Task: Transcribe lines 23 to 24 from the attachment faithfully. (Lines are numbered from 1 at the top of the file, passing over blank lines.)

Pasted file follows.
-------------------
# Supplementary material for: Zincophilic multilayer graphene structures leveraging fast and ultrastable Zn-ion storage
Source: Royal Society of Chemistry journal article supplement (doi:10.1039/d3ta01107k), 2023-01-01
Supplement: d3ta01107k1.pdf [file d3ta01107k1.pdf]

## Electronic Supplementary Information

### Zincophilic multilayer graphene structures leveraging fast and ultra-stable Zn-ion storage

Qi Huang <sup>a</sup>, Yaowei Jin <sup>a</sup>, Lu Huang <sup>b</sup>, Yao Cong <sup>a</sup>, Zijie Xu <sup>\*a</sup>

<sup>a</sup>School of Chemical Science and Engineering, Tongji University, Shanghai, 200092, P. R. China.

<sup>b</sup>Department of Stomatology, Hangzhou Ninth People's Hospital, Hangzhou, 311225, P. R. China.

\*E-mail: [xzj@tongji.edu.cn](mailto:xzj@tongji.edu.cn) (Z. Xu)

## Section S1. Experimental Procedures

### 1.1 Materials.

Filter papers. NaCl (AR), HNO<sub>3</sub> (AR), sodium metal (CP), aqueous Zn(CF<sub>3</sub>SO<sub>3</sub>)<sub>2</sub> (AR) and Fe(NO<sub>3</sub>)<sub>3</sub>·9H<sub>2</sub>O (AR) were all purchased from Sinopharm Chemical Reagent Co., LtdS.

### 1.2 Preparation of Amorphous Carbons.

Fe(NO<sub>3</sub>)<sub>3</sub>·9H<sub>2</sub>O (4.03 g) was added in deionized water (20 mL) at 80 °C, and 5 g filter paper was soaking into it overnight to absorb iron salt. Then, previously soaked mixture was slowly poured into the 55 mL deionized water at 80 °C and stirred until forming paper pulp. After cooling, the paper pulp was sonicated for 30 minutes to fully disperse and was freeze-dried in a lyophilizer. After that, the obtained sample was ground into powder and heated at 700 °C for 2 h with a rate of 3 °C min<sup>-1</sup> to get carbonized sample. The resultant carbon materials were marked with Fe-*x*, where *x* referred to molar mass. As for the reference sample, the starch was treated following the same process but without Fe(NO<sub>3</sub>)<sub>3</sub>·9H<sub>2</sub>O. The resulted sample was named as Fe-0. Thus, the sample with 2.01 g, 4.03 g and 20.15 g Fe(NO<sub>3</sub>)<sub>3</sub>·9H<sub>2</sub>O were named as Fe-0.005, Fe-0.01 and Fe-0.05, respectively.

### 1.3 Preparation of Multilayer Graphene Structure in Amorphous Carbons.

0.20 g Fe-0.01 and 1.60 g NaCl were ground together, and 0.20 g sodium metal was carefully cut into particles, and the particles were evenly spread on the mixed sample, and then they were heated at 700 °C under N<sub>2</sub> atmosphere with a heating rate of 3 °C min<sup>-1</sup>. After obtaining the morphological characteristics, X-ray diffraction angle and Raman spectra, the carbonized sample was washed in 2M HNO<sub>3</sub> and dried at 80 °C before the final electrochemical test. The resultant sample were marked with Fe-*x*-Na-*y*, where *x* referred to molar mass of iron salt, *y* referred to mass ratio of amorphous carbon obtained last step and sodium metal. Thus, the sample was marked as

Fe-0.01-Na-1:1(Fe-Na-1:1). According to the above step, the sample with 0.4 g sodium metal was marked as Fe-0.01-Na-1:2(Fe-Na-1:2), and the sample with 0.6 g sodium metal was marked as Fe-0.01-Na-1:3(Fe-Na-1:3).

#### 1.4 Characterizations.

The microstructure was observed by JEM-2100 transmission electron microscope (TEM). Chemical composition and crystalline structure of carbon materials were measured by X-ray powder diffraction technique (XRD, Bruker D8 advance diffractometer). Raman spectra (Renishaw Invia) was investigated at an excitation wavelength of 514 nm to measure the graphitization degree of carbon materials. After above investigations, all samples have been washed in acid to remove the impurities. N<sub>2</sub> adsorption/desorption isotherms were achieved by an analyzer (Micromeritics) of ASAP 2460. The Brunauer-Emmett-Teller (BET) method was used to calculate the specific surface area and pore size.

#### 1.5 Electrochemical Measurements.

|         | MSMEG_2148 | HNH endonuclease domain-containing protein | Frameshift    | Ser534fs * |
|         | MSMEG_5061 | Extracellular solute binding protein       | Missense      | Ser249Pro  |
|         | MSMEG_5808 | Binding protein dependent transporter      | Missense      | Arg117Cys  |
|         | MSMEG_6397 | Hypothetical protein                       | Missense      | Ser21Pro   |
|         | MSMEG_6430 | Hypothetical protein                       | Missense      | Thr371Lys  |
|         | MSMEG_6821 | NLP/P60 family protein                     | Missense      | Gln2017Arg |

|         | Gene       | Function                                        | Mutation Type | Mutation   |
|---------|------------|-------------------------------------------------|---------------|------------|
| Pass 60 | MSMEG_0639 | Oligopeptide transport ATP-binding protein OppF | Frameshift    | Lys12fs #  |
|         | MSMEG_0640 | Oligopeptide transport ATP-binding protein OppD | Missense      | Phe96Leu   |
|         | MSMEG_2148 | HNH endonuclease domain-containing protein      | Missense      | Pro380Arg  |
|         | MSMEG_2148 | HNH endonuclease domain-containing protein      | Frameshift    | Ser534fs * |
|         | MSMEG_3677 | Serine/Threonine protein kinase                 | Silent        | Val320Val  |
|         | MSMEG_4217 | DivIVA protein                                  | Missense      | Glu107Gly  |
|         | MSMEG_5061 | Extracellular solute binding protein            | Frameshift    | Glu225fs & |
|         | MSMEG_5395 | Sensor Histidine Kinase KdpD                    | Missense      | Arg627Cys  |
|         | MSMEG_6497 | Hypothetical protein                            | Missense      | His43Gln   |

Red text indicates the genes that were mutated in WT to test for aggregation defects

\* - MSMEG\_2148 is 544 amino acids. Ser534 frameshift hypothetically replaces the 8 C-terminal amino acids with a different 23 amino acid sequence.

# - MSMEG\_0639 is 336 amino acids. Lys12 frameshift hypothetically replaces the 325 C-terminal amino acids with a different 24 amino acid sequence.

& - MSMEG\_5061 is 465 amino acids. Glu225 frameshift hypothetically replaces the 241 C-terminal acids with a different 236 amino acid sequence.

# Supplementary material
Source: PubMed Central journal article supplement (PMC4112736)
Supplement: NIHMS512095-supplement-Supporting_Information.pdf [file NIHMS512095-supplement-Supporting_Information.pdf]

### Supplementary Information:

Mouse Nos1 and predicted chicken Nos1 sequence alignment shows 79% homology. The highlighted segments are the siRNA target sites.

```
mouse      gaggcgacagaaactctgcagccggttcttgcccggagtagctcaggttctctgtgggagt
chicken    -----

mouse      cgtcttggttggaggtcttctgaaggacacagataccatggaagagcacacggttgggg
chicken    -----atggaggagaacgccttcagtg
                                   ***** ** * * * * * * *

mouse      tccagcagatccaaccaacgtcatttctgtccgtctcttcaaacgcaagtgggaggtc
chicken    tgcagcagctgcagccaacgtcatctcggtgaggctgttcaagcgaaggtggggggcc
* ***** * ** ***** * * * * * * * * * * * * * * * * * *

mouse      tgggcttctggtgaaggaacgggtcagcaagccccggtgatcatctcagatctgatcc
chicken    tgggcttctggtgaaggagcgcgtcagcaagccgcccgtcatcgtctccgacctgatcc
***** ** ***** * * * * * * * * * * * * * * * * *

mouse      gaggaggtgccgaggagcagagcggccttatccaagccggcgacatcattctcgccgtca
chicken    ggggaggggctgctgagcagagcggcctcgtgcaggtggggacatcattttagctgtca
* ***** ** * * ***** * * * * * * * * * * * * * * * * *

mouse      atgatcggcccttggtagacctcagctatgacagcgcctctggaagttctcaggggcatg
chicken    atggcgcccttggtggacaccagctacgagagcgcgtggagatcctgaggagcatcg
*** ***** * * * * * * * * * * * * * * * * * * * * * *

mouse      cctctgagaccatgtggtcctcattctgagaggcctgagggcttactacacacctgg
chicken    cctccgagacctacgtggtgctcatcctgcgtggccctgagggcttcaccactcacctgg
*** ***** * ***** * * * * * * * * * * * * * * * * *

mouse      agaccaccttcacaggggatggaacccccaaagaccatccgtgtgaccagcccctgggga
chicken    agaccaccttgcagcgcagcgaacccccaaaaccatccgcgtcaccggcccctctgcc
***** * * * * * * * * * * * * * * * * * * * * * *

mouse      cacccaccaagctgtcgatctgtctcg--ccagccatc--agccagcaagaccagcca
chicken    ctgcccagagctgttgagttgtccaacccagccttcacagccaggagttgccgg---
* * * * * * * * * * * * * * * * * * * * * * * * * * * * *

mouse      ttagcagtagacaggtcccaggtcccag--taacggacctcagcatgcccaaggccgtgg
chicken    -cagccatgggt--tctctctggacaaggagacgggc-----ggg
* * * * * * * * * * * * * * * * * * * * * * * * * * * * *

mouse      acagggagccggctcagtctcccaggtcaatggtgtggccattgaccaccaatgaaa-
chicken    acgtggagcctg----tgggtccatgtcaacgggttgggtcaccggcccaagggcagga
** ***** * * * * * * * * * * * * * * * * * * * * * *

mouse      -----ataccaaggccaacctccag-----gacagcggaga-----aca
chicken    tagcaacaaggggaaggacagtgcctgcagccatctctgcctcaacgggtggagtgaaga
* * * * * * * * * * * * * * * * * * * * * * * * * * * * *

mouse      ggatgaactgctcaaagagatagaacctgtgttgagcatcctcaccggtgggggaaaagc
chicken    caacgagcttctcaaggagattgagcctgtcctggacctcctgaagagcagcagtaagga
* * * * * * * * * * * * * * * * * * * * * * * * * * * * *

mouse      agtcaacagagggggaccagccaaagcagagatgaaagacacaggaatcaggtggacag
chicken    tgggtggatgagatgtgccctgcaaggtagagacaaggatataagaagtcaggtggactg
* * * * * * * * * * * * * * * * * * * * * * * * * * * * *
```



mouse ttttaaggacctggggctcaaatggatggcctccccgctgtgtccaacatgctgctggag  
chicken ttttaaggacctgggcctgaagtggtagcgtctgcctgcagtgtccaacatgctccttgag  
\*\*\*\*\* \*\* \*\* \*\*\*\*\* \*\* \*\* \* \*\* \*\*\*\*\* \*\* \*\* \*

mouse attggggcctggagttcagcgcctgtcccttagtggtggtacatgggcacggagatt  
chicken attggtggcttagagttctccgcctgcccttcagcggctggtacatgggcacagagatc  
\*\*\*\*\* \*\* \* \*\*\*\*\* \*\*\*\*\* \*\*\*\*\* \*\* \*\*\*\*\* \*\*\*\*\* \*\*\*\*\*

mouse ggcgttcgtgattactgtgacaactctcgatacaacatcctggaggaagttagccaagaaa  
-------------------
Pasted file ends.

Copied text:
|         | MSMEG_5808 | Binding protein dependent transporter      | Missense      | Arg117Cys  |
|         | MSMEG_6397 | Hypothetical protein                       | Missense      | Ser21Pro   |